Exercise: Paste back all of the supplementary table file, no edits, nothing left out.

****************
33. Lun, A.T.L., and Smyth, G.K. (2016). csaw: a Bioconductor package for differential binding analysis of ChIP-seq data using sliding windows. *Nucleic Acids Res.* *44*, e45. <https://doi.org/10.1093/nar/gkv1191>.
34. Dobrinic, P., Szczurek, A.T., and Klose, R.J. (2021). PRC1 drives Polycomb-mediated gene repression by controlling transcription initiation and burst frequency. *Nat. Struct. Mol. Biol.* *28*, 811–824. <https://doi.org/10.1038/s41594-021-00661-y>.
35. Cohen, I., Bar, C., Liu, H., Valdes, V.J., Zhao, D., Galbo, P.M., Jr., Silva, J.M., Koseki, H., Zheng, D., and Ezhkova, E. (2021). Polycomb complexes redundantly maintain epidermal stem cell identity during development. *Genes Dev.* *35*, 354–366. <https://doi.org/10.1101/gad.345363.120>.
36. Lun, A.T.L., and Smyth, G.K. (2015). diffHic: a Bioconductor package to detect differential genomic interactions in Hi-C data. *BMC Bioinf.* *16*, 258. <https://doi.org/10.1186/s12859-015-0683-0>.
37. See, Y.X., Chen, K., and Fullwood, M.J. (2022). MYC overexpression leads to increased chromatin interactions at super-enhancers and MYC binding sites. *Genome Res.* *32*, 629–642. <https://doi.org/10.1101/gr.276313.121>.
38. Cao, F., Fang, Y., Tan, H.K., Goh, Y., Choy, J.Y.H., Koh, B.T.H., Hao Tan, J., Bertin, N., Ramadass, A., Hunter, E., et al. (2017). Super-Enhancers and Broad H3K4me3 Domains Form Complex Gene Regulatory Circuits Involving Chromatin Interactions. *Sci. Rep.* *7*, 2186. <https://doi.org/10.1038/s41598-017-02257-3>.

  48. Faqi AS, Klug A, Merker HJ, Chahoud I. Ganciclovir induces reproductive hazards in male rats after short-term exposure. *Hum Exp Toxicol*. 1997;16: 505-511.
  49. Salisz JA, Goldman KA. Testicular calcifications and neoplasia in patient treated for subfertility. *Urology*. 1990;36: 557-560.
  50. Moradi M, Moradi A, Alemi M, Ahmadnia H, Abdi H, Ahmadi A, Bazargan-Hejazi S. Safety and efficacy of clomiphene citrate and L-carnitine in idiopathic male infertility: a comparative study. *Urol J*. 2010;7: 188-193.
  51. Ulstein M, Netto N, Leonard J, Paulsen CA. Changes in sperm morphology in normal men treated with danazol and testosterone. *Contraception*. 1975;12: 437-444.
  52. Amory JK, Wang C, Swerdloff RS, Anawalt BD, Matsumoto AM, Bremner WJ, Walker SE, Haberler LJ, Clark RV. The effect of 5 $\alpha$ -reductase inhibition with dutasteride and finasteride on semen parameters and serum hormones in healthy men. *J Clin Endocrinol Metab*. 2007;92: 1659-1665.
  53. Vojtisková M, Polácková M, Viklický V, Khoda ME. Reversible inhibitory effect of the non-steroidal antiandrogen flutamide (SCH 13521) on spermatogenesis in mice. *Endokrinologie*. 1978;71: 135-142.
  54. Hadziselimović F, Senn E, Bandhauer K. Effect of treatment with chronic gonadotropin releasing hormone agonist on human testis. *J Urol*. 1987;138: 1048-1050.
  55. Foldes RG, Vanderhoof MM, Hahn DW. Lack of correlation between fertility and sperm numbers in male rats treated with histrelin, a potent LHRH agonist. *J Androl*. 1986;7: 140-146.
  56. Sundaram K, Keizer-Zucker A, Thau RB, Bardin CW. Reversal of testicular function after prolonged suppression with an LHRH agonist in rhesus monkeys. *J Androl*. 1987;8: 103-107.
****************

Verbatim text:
33. Lun, A.T.L., and Smyth, G.K. (2016). csaw: a Bioconductor package for differential binding analysis of ChIP-seq data using sliding windows. *Nucleic Acids Res.* *44*, e45. <https://doi.org/10.1093/nar/gkv1191>.
34. Dobrinic, P., Szczurek, A.T., and Klose, R.J. (2021). PRC1 drives Polycomb-mediated gene repression by controlling transcription initiation and burst frequency. *Nat. Struct. Mol. Biol.* *28*, 811–824. <https://doi.org/10.1038/s41594-021-00661-y>.
35. Cohen, I., Bar, C., Liu, H., Valdes, V.J., Zhao, D., Galbo, P.M., Jr., Silva, J.M., Koseki, H., Zheng, D., and Ezhkova, E. (2021). Polycomb complexes redundantly maintain epidermal stem cell identity during development. *Genes Dev.* *35*, 354–366. <https://doi.org/10.1101/gad.345363.120>.
36. Lun, A.T.L., and Smyth, G.K. (2015). diffHic: a Bioconductor package to detect differential genomic interactions in Hi-C data. *BMC Bioinf.* *16*, 258. <https://doi.org/10.1186/s12859-015-0683-0>.
37. See, Y.X., Chen, K., and Fullwood, M.J. (2022). MYC overexpression leads to increased chromatin interactions at super-enhancers and MYC binding sites. *Genome Res.* *32*, 629–642. <https://doi.org/10.1101/gr.276313.121>.
38. Cao, F., Fang, Y., Tan, H.K., Goh, Y., Choy, J.Y.H., Koh, B.T.H., Hao Tan, J., Bertin, N., Ramadass, A., Hunter, E., et al. (2017). Super-Enhancers and Broad H3K4me3 Domains Form Complex Gene Regulatory Circuits Involving Chromatin Interactions. *Sci. Rep.* *7*, 2186. <https://doi.org/10.1038/s41598-017-02257-3>.

  48. Faqi AS, Klug A, Merker HJ, Chahoud I. Ganciclovir induces reproductive hazards in male rats after short-term exposure. *Hum Exp Toxicol*. 1997;16: 505-511.
  49. Salisz JA, Goldman KA. Testicular calcifications and neoplasia in patient treated for subfertility. *Urology*. 1990;36: 557-560.
  50. Moradi M, Moradi A, Alemi M, Ahmadnia H, Abdi H, Ahmadi A, Bazargan-Hejazi S. Safety and efficacy of clomiphene citrate and L-carnitine in idiopathic male infertility: a comparative study. *Urol J*. 2010;7: 188-193.
  51. Ulstein M, Netto N, Leonard J, Paulsen CA. Changes in sperm morphology in normal men treated with danazol and testosterone. *Contraception*. 1975;12: 437-444.
  52. Amory JK, Wang C, Swerdloff RS, Anawalt BD, Matsumoto AM, Bremner WJ, Walker SE, Haberler LJ, Clark RV. The effect of 5 $\alpha$ -reductase inhibition with dutasteride and finasteride on semen parameters and serum hormones in healthy men. *J Clin Endocrinol Metab*. 2007;92: 1659-1665.
  53. Vojtisková M, Polácková M, Viklický V, Khoda ME. Reversible inhibitory effect of the non-steroidal antiandrogen flutamide (SCH 13521) on spermatogenesis in mice. *Endokrinologie*. 1978;71: 135-142.
  54. Hadziselimović F, Senn E, Bandhauer K. Effect of treatment with chronic gonadotropin releasing hormone agonist on human testis. *J Urol*. 1987;138: 1048-1050.
  55. Foldes RG, Vanderhoof MM, Hahn DW. Lack of correlation between fertility and sperm numbers in male rats treated with histrelin, a potent LHRH agonist. *J Androl*. 1986;7: 140-146.
  56. Sundaram K, Keizer-Zucker A, Thau RB, Bardin CW. Reversal of testicular function after prolonged suppression with an LHRH agonist in rhesus monkeys. *J Androl*. 1987;8: 103-107.